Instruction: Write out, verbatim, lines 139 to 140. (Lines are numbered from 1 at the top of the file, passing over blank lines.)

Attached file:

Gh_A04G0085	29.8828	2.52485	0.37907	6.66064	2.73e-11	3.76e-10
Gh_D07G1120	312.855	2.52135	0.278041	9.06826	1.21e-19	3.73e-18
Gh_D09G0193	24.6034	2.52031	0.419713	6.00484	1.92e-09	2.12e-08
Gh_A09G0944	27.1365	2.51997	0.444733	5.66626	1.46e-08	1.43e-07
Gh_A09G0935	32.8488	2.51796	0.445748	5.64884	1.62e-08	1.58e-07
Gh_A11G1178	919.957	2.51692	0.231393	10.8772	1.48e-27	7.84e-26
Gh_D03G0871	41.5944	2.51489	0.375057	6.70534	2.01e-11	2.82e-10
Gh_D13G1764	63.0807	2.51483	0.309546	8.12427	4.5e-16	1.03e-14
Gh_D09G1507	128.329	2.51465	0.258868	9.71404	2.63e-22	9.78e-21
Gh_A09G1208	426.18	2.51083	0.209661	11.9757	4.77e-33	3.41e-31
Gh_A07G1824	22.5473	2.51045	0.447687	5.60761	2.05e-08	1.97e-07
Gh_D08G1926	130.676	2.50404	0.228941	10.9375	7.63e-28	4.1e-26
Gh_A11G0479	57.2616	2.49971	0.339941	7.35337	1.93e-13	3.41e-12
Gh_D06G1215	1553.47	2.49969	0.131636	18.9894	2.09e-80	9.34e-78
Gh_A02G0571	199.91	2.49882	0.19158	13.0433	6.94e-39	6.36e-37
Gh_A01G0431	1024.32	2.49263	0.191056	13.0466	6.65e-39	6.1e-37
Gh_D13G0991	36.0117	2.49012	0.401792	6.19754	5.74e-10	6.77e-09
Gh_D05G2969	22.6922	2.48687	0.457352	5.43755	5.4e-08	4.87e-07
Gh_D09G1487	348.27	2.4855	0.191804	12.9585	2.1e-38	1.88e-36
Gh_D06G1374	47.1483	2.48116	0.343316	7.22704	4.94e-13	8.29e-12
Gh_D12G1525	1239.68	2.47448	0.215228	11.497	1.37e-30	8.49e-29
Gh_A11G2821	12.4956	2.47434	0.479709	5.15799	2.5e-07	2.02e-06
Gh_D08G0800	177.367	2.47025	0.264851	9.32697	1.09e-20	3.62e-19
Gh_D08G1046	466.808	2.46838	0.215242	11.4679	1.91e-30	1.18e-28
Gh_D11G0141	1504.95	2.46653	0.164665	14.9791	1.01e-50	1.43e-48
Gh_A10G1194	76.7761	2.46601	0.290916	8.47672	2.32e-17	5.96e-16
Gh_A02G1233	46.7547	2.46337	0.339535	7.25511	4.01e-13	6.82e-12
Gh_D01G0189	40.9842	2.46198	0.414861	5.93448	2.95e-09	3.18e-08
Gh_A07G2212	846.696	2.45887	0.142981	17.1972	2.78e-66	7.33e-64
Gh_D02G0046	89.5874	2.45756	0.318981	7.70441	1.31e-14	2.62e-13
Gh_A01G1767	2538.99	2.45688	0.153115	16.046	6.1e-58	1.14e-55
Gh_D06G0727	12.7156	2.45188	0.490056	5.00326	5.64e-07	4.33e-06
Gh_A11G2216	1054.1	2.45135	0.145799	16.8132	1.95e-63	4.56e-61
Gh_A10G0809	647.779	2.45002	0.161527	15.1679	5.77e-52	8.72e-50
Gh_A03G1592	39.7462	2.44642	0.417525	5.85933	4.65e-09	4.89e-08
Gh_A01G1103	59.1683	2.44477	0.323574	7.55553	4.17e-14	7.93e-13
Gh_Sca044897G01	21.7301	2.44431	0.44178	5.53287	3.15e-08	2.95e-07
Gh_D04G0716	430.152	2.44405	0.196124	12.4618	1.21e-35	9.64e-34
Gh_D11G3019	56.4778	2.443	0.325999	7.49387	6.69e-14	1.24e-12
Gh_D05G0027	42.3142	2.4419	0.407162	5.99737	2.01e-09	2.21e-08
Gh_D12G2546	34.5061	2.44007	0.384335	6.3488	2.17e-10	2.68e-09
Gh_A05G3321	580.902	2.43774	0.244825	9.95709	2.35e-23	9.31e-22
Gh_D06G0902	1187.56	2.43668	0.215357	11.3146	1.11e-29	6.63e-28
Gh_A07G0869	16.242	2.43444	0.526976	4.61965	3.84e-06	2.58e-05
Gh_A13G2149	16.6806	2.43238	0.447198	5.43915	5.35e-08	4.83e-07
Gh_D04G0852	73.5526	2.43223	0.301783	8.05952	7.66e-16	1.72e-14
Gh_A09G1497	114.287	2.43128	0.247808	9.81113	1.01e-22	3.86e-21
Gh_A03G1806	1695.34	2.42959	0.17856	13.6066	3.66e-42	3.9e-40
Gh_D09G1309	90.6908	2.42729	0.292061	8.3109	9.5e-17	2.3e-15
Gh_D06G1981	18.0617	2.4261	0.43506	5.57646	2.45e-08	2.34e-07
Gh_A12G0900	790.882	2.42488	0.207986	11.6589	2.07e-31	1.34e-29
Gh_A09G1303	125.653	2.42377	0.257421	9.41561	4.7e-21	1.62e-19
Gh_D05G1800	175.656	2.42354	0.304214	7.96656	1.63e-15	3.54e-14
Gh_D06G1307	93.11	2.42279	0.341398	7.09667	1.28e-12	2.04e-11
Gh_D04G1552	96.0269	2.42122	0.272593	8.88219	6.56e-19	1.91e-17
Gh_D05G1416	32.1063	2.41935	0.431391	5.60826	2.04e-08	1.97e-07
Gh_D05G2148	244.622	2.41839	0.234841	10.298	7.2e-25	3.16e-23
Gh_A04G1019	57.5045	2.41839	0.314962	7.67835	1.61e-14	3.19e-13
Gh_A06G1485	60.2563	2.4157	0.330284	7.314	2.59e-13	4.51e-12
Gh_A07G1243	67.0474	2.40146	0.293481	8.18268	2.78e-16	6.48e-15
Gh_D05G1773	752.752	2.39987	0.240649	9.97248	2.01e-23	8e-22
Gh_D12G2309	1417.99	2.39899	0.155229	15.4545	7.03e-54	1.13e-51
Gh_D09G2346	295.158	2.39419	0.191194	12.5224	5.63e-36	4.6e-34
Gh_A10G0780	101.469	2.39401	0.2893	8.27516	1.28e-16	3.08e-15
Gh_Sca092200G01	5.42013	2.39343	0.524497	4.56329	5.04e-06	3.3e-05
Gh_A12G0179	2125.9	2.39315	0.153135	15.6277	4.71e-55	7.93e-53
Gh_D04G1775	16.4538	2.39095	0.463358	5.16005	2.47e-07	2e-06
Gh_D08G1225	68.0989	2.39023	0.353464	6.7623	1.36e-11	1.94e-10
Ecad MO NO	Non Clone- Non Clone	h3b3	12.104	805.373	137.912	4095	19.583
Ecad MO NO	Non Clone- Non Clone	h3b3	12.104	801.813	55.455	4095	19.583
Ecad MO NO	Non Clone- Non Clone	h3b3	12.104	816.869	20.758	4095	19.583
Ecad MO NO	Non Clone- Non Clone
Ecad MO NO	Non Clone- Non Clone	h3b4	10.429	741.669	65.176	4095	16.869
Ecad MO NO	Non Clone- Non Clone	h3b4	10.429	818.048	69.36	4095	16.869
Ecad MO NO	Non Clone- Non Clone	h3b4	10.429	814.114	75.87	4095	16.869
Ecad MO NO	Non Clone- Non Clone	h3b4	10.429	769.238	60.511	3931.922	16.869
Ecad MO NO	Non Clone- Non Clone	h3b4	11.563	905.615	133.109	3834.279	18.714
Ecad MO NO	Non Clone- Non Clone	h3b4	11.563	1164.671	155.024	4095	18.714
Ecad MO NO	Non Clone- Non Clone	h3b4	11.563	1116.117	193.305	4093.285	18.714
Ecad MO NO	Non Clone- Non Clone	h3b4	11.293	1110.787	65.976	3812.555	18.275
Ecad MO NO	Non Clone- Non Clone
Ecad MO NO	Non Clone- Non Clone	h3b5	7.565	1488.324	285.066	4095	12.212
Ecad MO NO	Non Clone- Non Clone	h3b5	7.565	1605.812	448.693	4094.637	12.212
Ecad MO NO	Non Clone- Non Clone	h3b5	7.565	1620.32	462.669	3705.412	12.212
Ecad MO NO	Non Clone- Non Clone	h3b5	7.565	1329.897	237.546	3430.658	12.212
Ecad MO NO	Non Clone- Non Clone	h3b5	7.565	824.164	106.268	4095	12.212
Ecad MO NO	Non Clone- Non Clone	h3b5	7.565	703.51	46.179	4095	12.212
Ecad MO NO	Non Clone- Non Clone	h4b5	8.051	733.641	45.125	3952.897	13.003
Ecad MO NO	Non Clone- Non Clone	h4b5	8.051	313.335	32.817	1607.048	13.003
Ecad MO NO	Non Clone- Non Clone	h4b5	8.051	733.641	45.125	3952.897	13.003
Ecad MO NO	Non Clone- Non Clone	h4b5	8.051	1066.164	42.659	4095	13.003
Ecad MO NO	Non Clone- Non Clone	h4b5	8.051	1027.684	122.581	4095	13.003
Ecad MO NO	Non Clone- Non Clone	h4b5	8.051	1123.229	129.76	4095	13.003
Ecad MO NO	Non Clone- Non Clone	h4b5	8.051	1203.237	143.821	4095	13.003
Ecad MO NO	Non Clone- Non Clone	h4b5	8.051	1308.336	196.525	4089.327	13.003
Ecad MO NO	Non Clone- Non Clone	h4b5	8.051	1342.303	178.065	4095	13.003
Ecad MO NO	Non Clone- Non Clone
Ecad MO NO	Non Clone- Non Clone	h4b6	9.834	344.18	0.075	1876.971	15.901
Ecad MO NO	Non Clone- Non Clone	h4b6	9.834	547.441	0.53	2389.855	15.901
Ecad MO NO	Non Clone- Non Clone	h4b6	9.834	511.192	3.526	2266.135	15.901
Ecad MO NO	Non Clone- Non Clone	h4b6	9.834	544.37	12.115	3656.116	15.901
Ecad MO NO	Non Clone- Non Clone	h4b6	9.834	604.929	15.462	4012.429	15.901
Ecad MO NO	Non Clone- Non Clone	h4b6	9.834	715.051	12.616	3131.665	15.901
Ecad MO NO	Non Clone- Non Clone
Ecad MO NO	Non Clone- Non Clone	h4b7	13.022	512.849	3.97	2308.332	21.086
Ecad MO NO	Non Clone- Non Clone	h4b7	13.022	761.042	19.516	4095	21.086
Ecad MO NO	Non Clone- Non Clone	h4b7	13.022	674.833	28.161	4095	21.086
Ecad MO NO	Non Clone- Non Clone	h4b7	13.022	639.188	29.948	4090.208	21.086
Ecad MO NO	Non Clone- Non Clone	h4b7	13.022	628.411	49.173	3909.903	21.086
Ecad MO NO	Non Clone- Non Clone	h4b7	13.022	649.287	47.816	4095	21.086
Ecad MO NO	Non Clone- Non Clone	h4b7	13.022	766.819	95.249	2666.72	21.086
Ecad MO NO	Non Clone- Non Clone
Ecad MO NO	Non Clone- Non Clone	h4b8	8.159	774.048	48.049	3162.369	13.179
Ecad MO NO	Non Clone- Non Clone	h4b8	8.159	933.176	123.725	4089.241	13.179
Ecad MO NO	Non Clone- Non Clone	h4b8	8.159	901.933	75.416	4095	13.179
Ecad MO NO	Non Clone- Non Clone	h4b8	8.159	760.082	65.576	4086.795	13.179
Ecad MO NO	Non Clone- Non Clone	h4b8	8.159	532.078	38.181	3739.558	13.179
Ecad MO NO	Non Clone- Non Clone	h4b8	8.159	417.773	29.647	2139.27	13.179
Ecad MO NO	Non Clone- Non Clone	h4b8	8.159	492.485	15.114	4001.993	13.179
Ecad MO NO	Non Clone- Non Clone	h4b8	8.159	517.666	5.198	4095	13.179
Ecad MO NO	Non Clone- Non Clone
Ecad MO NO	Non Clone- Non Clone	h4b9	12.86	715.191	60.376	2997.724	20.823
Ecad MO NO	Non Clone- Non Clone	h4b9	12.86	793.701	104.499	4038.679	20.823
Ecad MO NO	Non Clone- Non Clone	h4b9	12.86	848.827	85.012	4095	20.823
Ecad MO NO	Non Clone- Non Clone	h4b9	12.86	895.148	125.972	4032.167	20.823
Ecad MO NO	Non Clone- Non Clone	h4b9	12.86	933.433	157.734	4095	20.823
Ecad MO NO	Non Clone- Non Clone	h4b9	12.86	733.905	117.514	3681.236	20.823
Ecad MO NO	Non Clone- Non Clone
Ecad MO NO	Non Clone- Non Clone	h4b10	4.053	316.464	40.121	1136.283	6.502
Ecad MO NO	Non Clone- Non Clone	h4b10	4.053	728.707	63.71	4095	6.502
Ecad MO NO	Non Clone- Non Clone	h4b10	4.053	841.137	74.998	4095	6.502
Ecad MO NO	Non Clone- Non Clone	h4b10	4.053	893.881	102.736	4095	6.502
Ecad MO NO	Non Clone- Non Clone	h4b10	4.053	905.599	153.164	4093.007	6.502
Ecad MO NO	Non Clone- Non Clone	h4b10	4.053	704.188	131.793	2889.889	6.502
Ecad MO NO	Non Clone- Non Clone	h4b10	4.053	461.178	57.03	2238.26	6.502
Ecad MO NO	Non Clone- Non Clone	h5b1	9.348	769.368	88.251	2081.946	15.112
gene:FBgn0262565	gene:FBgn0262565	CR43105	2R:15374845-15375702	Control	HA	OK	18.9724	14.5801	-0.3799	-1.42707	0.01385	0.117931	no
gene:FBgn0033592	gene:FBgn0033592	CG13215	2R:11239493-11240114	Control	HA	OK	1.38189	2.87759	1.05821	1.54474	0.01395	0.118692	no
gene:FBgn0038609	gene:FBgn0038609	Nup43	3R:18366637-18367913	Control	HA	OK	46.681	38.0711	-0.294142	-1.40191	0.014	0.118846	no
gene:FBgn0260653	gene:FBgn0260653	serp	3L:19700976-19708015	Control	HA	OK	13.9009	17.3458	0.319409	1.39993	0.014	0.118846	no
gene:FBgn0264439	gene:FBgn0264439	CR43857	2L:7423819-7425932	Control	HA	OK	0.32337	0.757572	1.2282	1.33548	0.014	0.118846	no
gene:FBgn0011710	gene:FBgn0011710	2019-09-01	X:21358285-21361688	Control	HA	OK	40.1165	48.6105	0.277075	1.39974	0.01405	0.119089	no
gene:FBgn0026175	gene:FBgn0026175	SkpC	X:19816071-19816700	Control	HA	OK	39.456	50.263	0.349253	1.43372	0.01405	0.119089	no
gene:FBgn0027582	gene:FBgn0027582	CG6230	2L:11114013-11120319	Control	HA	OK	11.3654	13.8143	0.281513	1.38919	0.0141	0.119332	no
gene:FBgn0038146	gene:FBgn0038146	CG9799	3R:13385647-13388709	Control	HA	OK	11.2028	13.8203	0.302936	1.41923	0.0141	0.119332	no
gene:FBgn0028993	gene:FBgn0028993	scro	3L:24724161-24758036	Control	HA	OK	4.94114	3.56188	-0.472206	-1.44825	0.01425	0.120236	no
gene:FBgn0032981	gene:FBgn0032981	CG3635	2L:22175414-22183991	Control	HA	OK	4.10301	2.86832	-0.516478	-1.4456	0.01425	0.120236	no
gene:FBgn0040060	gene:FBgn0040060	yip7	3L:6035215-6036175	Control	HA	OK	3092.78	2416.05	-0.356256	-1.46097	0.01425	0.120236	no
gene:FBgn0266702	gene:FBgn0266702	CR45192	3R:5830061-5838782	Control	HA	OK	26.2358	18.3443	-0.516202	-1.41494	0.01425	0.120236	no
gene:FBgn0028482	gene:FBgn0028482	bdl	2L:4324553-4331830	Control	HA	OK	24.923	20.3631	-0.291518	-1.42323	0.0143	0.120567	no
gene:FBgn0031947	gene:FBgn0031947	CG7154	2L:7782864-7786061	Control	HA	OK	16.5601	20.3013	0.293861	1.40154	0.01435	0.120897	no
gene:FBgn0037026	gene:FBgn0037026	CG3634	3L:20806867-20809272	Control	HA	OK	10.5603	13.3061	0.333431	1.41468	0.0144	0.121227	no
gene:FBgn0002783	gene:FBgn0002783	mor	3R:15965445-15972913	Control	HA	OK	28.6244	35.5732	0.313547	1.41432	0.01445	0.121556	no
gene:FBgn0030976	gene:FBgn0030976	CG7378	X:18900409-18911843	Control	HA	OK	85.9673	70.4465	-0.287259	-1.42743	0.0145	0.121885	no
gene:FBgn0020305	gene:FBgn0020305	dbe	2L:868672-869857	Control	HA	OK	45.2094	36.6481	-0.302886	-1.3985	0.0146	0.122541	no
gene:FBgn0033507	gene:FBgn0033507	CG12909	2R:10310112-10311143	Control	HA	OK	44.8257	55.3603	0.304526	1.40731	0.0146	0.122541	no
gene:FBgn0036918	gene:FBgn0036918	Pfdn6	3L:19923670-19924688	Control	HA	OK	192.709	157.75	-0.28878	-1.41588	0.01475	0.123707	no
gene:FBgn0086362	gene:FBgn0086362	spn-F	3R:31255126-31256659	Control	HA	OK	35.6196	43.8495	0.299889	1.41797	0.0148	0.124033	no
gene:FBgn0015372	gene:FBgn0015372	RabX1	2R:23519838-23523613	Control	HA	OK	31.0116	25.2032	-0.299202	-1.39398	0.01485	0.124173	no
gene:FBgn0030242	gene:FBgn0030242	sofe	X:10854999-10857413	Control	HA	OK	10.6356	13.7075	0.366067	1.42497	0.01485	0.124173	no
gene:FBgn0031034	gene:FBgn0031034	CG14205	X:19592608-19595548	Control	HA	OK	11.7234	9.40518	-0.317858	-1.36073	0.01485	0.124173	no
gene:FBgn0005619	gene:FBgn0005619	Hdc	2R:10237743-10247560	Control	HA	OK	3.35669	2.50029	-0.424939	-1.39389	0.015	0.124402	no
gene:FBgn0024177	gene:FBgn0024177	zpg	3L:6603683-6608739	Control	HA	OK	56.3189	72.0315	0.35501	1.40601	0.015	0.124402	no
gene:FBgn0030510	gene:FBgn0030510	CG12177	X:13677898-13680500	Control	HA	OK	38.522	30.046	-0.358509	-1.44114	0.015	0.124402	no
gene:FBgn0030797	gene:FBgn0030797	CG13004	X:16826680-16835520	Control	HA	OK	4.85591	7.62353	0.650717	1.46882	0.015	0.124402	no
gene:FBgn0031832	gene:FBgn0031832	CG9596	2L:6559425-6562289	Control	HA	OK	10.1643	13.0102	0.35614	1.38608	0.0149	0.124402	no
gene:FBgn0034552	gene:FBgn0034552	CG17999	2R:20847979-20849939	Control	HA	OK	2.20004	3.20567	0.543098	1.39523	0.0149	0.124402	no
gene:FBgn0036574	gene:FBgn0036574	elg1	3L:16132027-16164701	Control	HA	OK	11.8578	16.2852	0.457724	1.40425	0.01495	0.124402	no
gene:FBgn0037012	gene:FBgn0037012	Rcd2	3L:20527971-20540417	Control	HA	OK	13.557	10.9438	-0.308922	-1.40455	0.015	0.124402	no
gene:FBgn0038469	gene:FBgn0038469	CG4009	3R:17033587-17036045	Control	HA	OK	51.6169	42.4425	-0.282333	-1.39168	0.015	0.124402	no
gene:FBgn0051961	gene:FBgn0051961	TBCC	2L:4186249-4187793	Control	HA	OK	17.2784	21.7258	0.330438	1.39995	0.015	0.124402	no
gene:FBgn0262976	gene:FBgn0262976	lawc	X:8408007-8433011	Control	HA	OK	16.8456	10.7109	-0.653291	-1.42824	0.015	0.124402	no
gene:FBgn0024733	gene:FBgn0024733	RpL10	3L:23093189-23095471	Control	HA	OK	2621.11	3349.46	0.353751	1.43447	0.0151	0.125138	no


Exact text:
gene:FBgn0038609	gene:FBgn0038609	Nup43	3R:18366637-18367913	Control	HA	OK	46.681	38.0711	-0.294142	-1.40191	0.014	0.118846	no
gene:FBgn0260653	gene:FBgn0260653	serp	3L:19700976-19708015	Control	HA	OK	13.9009	17.3458	0.319409	1.39993	0.014	0.118846	no